Originally the mansion probably sat in the midst of large gardens, as Rippon Lea and Como still do – but they were sold off and developed, so the house is now crowded on a small block with houses around it. It could be worse though – the magnificent frontage used to be obscured from the street by a house. Thankfully there was a campaign to buy it and it was duly demolished.


Image Source.

There must have been a lot of cheering when that came down!

I find it remarkable that so much of the original house remains – I’ve lived in a lot of old houses and flats, and it’s common for features to have been removed. My own home (the Deco War Baby, circa 1942) is unrenovated but previous tenants had stripped everything they could, including light fittings and door knobs. Even some of the doors have been replaced. Thankfully it still has the original fireplace, architraves and picture rails (I’ll post pics one day).

Labassa still has the original wallpaper in many rooms – now faded to brown, it was originally bright gold and some portions have been restored revealing the brilliance. In the ’70s some rooms were covered up with contemporary wallpaper but it has been removed. If you look carefully, you can see the lines where the paper joined. The famous trompe l’oeil ceiling over the staircase was also covered with a false ceiling – that must have been wonderful to discover!

You can still see many signs of the previous residents though – one wall is painted silver (!) and another door has the faded remnants of an union jack paint job. Some bathrooms show fittings from the ’50s. An enormous butler’s pantry is half in one room, and half in another. As much as I love the original features, I also love these more modern adaptations, reminding us of the life that this wonderful house has lived – not just as a museum but as a living home.


When I first saw these tiles, the condition suggested they were ’70s additions installed during the nostalgic revival – but no, they’re the original 1860s tiles, presumably restored. I love the soft colours.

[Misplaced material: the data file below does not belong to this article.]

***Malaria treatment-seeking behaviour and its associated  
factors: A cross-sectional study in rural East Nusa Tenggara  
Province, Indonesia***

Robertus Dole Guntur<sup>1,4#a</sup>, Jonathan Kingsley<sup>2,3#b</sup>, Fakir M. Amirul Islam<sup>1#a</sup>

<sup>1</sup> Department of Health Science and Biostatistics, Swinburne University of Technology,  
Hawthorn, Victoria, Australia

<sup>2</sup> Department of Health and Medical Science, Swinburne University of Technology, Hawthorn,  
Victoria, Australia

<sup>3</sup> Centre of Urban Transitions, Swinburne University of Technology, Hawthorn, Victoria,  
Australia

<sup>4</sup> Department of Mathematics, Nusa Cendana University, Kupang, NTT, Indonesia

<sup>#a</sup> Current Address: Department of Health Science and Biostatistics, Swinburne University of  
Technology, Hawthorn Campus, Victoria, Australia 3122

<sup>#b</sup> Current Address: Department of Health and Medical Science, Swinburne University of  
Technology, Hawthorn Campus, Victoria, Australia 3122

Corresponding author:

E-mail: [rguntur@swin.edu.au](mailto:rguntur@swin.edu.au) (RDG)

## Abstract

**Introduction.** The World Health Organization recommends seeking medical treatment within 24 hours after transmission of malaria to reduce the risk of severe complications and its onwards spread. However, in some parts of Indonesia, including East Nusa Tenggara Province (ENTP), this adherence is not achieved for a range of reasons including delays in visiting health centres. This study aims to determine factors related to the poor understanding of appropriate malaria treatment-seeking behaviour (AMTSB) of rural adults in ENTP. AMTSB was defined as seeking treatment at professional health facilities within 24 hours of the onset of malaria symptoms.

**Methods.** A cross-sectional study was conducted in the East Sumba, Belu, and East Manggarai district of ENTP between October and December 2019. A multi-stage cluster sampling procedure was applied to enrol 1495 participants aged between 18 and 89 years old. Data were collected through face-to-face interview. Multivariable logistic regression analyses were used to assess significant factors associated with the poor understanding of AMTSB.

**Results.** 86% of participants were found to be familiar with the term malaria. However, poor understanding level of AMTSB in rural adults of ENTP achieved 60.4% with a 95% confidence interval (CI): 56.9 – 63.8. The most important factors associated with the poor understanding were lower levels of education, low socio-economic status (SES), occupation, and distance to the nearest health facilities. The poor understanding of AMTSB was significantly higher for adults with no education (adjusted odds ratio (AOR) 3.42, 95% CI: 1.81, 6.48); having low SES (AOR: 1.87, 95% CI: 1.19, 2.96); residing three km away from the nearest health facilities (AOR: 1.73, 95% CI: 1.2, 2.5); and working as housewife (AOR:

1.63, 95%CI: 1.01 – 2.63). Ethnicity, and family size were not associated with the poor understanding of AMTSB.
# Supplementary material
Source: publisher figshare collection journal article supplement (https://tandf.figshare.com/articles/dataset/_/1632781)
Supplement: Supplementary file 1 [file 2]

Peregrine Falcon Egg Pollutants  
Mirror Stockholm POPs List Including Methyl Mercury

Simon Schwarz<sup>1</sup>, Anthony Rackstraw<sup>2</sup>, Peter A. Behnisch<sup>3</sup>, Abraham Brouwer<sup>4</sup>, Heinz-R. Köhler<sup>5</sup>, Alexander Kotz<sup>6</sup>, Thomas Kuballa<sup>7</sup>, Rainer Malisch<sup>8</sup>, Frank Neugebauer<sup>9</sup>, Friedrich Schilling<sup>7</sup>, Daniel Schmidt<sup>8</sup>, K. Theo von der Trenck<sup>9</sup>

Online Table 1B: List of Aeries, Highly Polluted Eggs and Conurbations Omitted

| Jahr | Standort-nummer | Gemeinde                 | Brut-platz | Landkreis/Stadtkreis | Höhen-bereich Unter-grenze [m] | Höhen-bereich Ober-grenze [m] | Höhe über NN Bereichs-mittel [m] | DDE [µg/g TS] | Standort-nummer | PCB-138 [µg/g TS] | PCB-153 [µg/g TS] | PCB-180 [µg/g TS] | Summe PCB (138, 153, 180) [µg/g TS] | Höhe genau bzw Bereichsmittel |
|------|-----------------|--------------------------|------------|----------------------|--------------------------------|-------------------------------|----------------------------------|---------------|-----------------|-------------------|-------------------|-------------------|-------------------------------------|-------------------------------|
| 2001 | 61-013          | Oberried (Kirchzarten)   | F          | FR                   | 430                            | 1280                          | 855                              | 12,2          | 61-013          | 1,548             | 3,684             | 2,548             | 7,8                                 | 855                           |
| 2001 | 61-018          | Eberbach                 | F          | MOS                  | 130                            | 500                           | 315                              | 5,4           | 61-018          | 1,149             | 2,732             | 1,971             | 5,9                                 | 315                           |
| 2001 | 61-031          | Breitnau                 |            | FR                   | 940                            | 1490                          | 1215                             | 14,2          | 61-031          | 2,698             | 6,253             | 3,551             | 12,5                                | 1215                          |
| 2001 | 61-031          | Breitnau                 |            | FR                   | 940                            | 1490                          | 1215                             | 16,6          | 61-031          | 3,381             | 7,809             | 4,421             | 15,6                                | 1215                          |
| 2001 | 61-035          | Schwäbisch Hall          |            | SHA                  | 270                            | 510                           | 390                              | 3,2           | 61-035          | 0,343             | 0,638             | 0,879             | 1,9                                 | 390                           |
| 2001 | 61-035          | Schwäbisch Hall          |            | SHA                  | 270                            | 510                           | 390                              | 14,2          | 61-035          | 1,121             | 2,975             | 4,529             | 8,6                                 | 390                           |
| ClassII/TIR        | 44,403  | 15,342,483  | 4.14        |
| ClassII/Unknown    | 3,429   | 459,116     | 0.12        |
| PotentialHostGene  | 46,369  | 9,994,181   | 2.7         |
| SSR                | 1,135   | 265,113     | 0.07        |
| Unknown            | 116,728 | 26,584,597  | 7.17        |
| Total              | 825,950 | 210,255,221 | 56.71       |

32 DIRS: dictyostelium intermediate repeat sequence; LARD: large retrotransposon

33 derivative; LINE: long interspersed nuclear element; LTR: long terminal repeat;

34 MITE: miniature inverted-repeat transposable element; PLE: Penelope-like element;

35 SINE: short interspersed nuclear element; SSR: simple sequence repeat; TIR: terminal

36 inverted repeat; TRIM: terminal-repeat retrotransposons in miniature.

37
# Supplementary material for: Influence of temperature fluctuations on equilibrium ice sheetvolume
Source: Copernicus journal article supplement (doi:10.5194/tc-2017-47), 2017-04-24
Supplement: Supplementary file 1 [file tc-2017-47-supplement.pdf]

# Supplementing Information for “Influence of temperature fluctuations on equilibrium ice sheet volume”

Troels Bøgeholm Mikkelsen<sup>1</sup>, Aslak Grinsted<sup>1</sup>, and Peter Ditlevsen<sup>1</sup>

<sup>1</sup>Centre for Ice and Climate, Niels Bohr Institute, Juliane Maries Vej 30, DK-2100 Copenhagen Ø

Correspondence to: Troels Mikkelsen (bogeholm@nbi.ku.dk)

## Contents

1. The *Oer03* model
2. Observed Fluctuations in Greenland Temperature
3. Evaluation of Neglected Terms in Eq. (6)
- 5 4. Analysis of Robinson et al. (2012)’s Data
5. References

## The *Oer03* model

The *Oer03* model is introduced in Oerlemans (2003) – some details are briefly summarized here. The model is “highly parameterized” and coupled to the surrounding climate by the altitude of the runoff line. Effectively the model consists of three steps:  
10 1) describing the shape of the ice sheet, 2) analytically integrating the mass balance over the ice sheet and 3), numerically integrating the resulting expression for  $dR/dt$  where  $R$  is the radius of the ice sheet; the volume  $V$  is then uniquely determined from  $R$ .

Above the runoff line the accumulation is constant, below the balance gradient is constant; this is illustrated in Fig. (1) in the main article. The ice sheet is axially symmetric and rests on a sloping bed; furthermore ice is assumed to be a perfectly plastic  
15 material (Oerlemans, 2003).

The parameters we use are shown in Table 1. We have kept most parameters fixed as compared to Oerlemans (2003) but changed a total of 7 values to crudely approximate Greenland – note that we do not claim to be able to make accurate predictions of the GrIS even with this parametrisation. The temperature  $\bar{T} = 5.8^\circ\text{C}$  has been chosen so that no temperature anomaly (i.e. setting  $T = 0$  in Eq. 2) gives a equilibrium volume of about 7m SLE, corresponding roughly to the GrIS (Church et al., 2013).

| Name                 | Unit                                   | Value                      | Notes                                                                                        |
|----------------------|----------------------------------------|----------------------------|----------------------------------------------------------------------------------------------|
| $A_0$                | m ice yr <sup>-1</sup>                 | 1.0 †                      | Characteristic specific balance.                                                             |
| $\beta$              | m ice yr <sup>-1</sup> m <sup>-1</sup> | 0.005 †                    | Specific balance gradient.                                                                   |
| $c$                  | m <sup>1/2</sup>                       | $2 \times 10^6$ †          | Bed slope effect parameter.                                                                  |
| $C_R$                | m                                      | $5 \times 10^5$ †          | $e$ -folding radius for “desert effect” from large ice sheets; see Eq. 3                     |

I was pleased to see that I have two small personal links to Labassa – both through poets. I met resident Adrian Rawlings through my husband, Tim Hamilton and my father was a friend of Kenneth Slessor’s, who immortalised Labassa resident Joe Lynch in “Five Bells”.

From “Five Bells”:
All without meaning now, except a sign
That someone had been living who now was dead:
“At Labassa. Room 6 x 8
On top of the tower; because of this, very dark
And cold in winter. Everything has been stowed
Into this room – 500 books all shapes
And colours, dealt across the floor
And over sills and on the laps of chairs;
Guns, photoes of many differant things
And differant curioes that I obtained…”

Labassa is currently gracing our TV screens as one of the settings in “Underbelly Squizzy”, and was also used in “Miss Fisher’s Murder Mysteries” and many other productions. A social history of Labassa is being compiled and you can see photos of past residents here – if you have any information please contact Vicki Shuttleworth.

I’ll be appraising your vintage fashion items for a small donation for the National Trust on August 18th, if you’d like to come along and support this very worthy cause and see some of the magnificence of Labassa. I hear that there will be a scrummy morning and afternoon tea too.

Here’s where you’ll find me:


Pic courtesy National Trust – all other images my own.


1
May
2011
Posted by Nicole in 1800s, Architecture 1 Comment

I like to bring you lots of images and it’s not always possible – thankfully in this case, there are lots of photos!

One of the things I really enjoy is exploring old buildings – especially if they’re in original condition. When we last visited London in February 2005, we were able to get a peak inside the old Midland Grand Hotel. Built in 1873, it’s the impressive building next to Kings Cross St Pancras Station and the scene of many films and the Spice Girls’ video clip for “Wannabe”. It had been closed for a long time and was in the process of restoration – however as you can see from these photos they hadn’t gotten very far.

Fast forward to today, and I read that next week the newly refurbished hotel is reopening. Now called the St Pancras Renaissance London Hotel is all very posh and international – I’m pleased to see that they’ve done a good job at restoring the public areas but the bedrooms themselves have that generic look that international hotels tend to have.

There’s a link to a gallery here if you’d like to see how it looks now. The wonderful staircase looks better than ever – and I did take an awful lot of photos of it because it’s quite spectacular, although I quite like the faded grandeur of the tiles and wallpapers in my photos. I love the colours of rusty red, teal and gold.